1/4 teaspoon ground cumin

1 serrano chile, thinly sliced

1/4 cup chopped cilantro

1/2 teaspoon salt

Freshly ground pepper

2 whole yellowtail snappers (1 1/2 pounds each), gutted and scaled

2 fennel bulbs, sliced into 1/4-inch thick strips

Heat the olive oil in a saucepan over medium heat. Add the garlic; keep the pan moving, swirling it over the heat, until the garlic turns golden brown. Remove from the heat, carefully add orange and lime juices, cumin, chile, cilantro, 1/4 teaspoon salt and pepper to taste. Taste for seasoning. Allow to cool to room temperature.

Place the fish in a large bowl; pour in the garlic-oil-citrus juice mixture. Slather the mixture all over the fish. Marinate at least 20 minutes, or up to 2 hours in the refrigerator.

Heat the oven to 375 degrees. Arrange the fennel strips in a single layer in a roasting pan; season with salt and pepper to taste. Position the fish over the fennel; drizzle the marinade over the fish and fennel. Cover the pan with foil; bake, 15 minutes. Remove the foil; raise the heat to 400 degrees. Bake until the fish is cooked through, 12 to 18 minutes. Makes 8 servings.

Per serving: 316 calories, 16 g fat, 2 g saturated fat, 60 mg cholesterol, 8 g carbohydrates, 35 g protein, 177 mg sodium, 2 g fiber.


Honey Mango Upside-Down Cake

Michelle Bernstein developed this Rosh Hashana recipe for the Chicago Tribune. She considers it a cross between a sponge cake and a honey cake, with a fluffier texture.


1/2 stick (1/4 cup) butter

1/4 cup each brown sugar and honey

2 ripe but somewhat firm mangoes, peeled and thickly sliced


1/2 cup each canola oil, brown sugar and honey

3 eggs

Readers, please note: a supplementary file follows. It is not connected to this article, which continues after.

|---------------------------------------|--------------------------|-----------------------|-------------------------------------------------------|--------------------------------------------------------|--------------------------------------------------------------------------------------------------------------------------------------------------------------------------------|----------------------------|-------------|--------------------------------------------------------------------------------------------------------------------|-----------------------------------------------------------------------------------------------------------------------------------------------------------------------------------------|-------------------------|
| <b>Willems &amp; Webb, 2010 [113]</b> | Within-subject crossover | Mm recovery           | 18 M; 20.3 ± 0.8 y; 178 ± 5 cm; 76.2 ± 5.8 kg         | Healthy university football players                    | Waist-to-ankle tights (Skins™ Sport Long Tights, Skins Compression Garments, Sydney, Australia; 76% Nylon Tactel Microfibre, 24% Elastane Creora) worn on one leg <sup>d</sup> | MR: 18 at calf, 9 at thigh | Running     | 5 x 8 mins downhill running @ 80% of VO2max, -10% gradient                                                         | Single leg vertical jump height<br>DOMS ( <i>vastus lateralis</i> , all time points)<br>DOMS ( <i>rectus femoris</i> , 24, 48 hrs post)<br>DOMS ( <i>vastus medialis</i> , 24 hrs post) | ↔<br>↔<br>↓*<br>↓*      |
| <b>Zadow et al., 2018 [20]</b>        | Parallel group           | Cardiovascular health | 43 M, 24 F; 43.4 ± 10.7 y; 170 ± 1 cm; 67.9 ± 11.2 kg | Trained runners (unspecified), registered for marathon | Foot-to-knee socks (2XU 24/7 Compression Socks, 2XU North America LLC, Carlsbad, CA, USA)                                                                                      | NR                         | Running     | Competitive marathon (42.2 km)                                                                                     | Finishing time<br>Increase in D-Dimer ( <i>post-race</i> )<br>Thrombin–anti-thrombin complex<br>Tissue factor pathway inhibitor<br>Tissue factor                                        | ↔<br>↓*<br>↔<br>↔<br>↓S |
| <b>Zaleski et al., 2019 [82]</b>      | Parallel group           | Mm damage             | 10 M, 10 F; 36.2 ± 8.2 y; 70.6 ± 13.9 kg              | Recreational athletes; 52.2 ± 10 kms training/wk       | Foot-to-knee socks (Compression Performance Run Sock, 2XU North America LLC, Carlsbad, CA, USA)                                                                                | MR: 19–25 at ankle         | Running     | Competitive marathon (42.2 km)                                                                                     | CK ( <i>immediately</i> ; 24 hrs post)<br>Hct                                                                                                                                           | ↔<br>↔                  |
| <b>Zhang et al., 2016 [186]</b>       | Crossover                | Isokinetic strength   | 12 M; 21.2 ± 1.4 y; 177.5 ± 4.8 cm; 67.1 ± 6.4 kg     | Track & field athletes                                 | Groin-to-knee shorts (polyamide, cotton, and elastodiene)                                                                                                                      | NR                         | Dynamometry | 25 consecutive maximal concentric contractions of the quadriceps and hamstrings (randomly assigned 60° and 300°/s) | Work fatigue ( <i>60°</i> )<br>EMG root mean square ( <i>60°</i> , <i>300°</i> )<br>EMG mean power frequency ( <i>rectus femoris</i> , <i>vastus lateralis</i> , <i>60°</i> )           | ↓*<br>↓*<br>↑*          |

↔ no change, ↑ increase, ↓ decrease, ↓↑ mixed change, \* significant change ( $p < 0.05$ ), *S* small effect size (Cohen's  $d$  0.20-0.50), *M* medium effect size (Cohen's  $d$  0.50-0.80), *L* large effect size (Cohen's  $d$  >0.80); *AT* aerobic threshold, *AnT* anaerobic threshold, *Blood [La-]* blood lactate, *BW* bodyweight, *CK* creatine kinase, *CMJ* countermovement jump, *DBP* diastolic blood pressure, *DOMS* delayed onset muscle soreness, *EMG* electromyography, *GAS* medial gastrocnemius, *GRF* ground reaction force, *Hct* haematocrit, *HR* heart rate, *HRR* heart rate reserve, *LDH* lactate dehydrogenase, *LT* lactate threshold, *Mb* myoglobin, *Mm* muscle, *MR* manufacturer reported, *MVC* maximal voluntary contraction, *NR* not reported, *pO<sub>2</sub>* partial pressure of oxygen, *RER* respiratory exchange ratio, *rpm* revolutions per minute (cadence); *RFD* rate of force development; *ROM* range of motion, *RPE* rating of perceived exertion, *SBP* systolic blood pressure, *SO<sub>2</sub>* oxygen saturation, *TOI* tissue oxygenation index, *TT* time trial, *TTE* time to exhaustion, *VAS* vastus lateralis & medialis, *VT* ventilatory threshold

1 1/2 cups flour

2 teaspoons baking powder

1/2 teaspoon each baking soda, kosher salt and allspice

2 teaspoons ground cinnamon

2/3 cup sour cream

1 teaspoon grated orange zest

1 teaspoon vanilla

Spray the sides and bottom of a 9-inch cake pan with nonstick cooking spray. Cut a circle of parchment paper that fits into the bottom of the pan. Lay the parchment circle into the greased pan; spray the paper with nonstick cooking spray.

For the topping, melt the butter in a small saucepan over medium heat; add the sugar, stirring. Once the sugar and butter have melted together, stir in the honey. While it’s warm, pour into prepared pan. Top the caramel with mango, slightly overlapping the slices.

Heat oven to 350 degrees. For the cake, combine the oil, sugar and honey in a large bowl. Add the eggs; mix until combined. Sift all dry ingredients together in a second bowl. Combine the sour cream, orange zest and vanilla together in a third bowl. Add the dry ingredients to the egg mixture one-third at a time, alternating with one-third of sour cream mixture.

Pour batter into the prepared pan. Bake until cake is golden brown and a wooden skewer comes out clean when inserted into the center, 25-35 minutes. Allow the cake to cool in the pan on a wire rack until just warm to the touch. Unmold the cake onto a serving platter while it’s still warm. Makes 10 servings.

Per serving: 446 calories, 20 g fat, 6 g saturated fat, 79 mg cholesterol, 63 g carbohydrates, 5 g protein, 303 mg sodium, 2 g fiber.

Special to the Miami Herald

At sundown on Sept. 4, Jews everywhere will observe Rosh Hashana, the Jewish New Year, by attending synagogue, gathering with family and, of course, with food.

From matzo ball soup to honey cake, food is an intrinsic part of Jewish culture. The Jewish Museum of Florida celebrates that with its upcoming exhibit, Growers, Grocers and Gefilte Fish: A Gastronomic Look at Florida Jews and Food, which opens Oct. 15.

The story starts with Moses — Moses Levy, who began the state’s first agricultural colony, Pilgrimage Plantation, in 1822. Then comes 190 years of delis and dairies, restaurants and ranchers, right up to today.

The exhibit embraces 250 Florida individuals, families and business with ties to food and to Judaism. We spoke to two of them about Rosh Hashana.

The caterer

As a child, caterer Sarah Davidoff cooked with her mother, making classic boeuf bourguignon and buttery Parker House rolls. By her teens, she was catering parties. “I could make $3 an hour babysitting or a couple hundred dollars on a Saturday afternoon,” she says.